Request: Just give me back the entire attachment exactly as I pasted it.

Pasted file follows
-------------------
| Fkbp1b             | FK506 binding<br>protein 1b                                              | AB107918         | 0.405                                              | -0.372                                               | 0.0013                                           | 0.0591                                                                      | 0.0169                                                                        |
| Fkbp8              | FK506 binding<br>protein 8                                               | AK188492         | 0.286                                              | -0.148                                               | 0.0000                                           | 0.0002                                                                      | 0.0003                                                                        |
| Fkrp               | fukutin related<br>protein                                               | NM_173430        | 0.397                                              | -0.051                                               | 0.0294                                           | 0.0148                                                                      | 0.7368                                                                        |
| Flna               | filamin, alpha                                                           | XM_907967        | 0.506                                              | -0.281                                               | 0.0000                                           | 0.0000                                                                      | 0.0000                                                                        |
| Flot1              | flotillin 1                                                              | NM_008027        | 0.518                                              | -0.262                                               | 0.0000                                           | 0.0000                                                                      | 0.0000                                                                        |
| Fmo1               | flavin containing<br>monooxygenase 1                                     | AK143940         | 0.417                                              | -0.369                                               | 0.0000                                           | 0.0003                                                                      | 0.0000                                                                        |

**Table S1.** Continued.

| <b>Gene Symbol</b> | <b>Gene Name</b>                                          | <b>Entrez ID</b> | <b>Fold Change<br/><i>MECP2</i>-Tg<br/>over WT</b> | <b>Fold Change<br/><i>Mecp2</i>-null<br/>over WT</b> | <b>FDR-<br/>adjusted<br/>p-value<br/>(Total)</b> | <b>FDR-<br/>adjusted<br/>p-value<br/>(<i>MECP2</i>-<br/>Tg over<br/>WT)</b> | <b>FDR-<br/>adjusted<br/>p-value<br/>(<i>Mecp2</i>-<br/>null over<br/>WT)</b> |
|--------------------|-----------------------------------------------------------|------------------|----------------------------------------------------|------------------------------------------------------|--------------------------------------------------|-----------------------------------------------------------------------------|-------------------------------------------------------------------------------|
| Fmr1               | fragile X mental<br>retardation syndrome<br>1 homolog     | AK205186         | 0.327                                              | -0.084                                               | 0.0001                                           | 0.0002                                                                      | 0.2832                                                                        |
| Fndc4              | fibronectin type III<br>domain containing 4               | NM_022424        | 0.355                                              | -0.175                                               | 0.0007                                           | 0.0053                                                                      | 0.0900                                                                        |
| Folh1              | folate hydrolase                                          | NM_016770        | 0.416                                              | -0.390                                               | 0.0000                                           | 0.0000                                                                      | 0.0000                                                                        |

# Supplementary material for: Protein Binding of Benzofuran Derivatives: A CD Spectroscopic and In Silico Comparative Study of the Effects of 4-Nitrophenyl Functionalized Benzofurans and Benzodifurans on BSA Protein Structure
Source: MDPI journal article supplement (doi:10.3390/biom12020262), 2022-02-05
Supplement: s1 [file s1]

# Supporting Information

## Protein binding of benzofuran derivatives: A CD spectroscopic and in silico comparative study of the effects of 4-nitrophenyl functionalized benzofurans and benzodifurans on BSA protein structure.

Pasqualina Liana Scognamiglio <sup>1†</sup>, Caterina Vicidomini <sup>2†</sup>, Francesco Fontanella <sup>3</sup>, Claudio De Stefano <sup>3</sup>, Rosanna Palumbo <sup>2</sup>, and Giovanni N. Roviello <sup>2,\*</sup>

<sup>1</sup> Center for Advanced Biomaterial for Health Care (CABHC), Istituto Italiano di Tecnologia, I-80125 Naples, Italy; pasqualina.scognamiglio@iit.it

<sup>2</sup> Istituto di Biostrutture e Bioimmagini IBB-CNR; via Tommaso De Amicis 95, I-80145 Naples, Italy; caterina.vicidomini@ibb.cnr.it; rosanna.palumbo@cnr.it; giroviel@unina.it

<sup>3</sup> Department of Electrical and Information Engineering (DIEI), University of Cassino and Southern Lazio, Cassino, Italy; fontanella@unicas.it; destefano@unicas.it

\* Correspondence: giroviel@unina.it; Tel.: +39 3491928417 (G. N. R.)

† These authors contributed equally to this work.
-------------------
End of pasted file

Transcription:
| Fkbp1b             | FK506 binding<br>protein 1b                                              | AB107918         | 0.405                                              | -0.372                                               | 0.0013                                           | 0.0591                                                                      | 0.0169                                                                        |
| Fkbp8              | FK506 binding<br>protein 8                                               | AK188492         | 0.286                                              | -0.148                                               | 0.0000                                           | 0.0002                                                                      | 0.0003                                                                        |
| Fkrp               | fukutin related<br>protein                                               | NM_173430        | 0.397                                              | -0.051                                               | 0.0294                                           | 0.0148                                                                      | 0.7368                                                                        |
| Flna               | filamin, alpha                                                           | XM_907967        | 0.506                                              | -0.281                                               | 0.0000                                           | 0.0000                                                                      | 0.0000                                                                        |
| Flot1              | flotillin 1                                                              | NM_008027        | 0.518                                              | -0.262                                               | 0.0000                                           | 0.0000                                                                      | 0.0000                                                                        |
| Fmo1               | flavin containing<br>monooxygenase 1                                     | AK143940         | 0.417                                              | -0.369                                               | 0.0000                                           | 0.0003                                                                      | 0.0000                                                                        |

**Table S1.** Continued.

| <b>Gene Symbol</b> | <b>Gene Name</b>                                          | <b>Entrez ID</b> | <b>Fold Change<br/><i>MECP2</i>-Tg<br/>over WT</b> | <b>Fold Change<br/><i>Mecp2</i>-null<br/>over WT</b> | <b>FDR-<br/>adjusted<br/>p-value<br/>(Total)</b> | <b>FDR-<br/>adjusted<br/>p-value<br/>(<i>MECP2</i>-<br/>Tg over<br/>WT)</b> | <b>FDR-<br/>adjusted<br/>p-value<br/>(<i>Mecp2</i>-<br/>null over<br/>WT)</b> |
|--------------------|-----------------------------------------------------------|------------------|----------------------------------------------------|------------------------------------------------------|--------------------------------------------------|-----------------------------------------------------------------------------|-------------------------------------------------------------------------------|
| Fmr1               | fragile X mental<br>retardation syndrome<br>1 homolog     | AK205186         | 0.327                                              | -0.084                                               | 0.0001                                           | 0.0002                                                                      | 0.2832                                                                        |
| Fndc4              | fibronectin type III<br>domain containing 4               | NM_022424        | 0.355                                              | -0.175                                               | 0.0007                                           | 0.0053                                                                      | 0.0900                                                                        |
| Folh1              | folate hydrolase                                          | NM_016770        | 0.416                                              | -0.390                                               | 0.0000                                           | 0.0000                                                                      | 0.0000                                                                        |

# Supplementary material for: Protein Binding of Benzofuran Derivatives: A CD Spectroscopic and In Silico Comparative Study of the Effects of 4-Nitrophenyl Functionalized Benzofurans and Benzodifurans on BSA Protein Structure
Source: MDPI journal article supplement (doi:10.3390/biom12020262), 2022-02-05
Supplement: s1 [file s1]

# Supporting Information

## Protein binding of benzofuran derivatives: A CD spectroscopic and in silico comparative study of the effects of 4-nitrophenyl functionalized benzofurans and benzodifurans on BSA protein structure.

Pasqualina Liana Scognamiglio <sup>1†</sup>, Caterina Vicidomini <sup>2†</sup>, Francesco Fontanella <sup>3</sup>, Claudio De Stefano <sup>3</sup>, Rosanna Palumbo <sup>2</sup>, and Giovanni N. Roviello <sup>2,\*</sup>

<sup>1</sup> Center for Advanced Biomaterial for Health Care (CABHC), Istituto Italiano di Tecnologia, I-80125 Naples, Italy; pasqualina.scognamiglio@iit.it

<sup>2</sup> Istituto di Biostrutture e Bioimmagini IBB-CNR; via Tommaso De Amicis 95, I-80145 Naples, Italy; caterina.vicidomini@ibb.cnr.it; rosanna.palumbo@cnr.it; giroviel@unina.it

<sup>3</sup> Department of Electrical and Information Engineering (DIEI), University of Cassino and Southern Lazio, Cassino, Italy; fontanella@unicas.it; destefano@unicas.it

\* Correspondence: giroviel@unina.it; Tel.: +39 3491928417 (G. N. R.)

† These authors contributed equally to this work.